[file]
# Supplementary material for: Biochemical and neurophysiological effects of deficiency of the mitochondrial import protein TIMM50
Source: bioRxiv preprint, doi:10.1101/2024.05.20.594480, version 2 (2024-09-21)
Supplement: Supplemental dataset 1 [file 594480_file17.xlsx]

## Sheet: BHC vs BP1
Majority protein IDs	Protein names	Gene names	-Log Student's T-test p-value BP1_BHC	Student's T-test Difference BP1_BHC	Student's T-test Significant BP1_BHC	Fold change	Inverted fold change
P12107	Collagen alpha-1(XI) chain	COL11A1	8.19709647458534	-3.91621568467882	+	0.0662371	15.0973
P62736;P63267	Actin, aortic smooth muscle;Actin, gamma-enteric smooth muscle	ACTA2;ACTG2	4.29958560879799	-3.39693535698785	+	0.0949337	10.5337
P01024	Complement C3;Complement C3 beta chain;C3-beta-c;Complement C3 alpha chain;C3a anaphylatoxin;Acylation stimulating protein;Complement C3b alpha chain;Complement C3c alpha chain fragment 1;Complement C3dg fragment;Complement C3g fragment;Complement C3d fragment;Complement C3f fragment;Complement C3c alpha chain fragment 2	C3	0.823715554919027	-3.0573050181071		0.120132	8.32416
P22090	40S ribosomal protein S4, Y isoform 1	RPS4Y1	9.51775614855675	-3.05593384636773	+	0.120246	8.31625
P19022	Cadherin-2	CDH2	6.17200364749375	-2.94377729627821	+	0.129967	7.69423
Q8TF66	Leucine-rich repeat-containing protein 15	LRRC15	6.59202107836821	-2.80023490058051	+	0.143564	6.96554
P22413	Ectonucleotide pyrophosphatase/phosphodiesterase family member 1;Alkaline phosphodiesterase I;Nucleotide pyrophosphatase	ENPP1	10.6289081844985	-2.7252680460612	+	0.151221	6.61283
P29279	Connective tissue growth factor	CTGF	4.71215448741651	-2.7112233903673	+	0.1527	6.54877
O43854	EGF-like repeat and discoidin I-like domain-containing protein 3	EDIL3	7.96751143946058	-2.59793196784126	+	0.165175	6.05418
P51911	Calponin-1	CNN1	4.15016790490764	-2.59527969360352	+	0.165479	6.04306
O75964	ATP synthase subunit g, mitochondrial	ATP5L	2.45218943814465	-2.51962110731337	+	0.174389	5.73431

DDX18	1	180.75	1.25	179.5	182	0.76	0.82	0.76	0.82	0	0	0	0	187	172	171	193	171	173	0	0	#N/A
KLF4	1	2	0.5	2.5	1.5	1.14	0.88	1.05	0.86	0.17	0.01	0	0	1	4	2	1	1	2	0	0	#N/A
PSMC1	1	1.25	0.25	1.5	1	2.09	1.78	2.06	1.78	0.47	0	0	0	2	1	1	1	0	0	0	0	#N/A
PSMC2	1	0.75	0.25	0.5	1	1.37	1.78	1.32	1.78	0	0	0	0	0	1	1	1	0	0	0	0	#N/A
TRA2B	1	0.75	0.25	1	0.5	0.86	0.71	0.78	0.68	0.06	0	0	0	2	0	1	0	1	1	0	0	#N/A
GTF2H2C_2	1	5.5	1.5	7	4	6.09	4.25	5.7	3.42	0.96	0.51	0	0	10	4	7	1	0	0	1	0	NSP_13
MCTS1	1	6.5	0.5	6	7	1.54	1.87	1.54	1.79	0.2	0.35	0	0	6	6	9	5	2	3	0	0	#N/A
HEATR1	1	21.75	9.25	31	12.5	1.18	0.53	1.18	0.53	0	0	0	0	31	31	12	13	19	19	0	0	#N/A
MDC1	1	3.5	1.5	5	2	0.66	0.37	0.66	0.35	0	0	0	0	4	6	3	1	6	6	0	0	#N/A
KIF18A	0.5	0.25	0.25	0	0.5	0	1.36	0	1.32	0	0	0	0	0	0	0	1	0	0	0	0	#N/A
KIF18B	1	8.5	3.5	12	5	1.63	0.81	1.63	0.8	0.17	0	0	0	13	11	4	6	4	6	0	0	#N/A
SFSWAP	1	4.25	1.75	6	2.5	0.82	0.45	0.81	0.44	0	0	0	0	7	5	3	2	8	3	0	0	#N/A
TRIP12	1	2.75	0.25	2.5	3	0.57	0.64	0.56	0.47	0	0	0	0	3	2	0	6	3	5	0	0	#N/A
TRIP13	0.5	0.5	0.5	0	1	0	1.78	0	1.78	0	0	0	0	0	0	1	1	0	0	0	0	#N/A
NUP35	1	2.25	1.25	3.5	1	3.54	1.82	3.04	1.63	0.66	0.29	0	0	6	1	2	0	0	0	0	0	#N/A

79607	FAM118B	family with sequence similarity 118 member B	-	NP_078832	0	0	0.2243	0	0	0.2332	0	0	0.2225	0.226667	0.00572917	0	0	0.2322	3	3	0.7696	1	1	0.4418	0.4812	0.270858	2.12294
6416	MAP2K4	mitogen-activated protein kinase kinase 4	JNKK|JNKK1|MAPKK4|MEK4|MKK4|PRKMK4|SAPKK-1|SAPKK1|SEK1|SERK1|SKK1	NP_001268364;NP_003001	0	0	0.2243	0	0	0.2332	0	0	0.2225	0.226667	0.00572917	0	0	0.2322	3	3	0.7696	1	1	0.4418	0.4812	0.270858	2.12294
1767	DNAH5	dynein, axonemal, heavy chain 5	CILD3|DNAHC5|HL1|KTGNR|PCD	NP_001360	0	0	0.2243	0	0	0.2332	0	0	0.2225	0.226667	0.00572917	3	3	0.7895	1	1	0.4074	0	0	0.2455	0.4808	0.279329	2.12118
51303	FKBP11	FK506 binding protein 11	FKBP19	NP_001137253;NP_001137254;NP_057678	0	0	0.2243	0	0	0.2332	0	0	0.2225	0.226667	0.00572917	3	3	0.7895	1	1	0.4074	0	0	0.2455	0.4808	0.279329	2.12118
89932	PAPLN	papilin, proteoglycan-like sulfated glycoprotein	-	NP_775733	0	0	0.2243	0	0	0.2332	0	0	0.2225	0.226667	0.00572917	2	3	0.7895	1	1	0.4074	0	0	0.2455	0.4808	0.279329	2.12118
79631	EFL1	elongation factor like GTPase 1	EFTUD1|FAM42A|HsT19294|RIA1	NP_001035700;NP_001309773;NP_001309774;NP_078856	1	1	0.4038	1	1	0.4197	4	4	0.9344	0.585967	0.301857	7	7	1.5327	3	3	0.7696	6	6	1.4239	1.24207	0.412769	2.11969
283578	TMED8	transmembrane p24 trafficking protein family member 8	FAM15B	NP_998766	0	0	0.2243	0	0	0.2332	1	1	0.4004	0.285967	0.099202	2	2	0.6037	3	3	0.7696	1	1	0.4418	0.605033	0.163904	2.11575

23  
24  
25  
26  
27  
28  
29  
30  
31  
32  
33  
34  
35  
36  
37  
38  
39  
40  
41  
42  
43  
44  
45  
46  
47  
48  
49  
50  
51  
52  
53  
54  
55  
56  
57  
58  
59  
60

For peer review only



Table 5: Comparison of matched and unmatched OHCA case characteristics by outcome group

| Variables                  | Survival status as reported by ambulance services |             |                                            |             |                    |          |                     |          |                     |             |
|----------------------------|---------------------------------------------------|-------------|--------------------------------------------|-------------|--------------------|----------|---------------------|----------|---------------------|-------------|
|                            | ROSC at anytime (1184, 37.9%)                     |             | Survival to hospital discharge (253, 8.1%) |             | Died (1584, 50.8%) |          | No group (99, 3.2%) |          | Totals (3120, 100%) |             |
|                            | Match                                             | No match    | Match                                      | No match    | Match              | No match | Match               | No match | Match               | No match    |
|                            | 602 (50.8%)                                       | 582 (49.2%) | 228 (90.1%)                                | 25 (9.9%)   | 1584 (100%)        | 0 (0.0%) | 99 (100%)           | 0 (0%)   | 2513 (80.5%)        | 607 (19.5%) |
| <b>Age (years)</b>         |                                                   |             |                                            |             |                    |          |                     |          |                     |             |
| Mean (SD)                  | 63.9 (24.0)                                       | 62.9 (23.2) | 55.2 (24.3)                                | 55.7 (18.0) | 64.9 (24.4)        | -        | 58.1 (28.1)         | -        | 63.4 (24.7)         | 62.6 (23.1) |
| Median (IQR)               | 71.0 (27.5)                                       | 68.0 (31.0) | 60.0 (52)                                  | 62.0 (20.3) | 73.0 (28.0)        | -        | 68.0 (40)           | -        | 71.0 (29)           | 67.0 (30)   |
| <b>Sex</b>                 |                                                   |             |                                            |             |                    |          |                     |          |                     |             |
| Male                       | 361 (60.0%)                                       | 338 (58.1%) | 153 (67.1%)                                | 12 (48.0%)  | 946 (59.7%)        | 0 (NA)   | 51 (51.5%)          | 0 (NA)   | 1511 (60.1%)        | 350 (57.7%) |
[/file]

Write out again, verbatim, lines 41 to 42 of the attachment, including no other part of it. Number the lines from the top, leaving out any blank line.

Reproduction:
25  
26  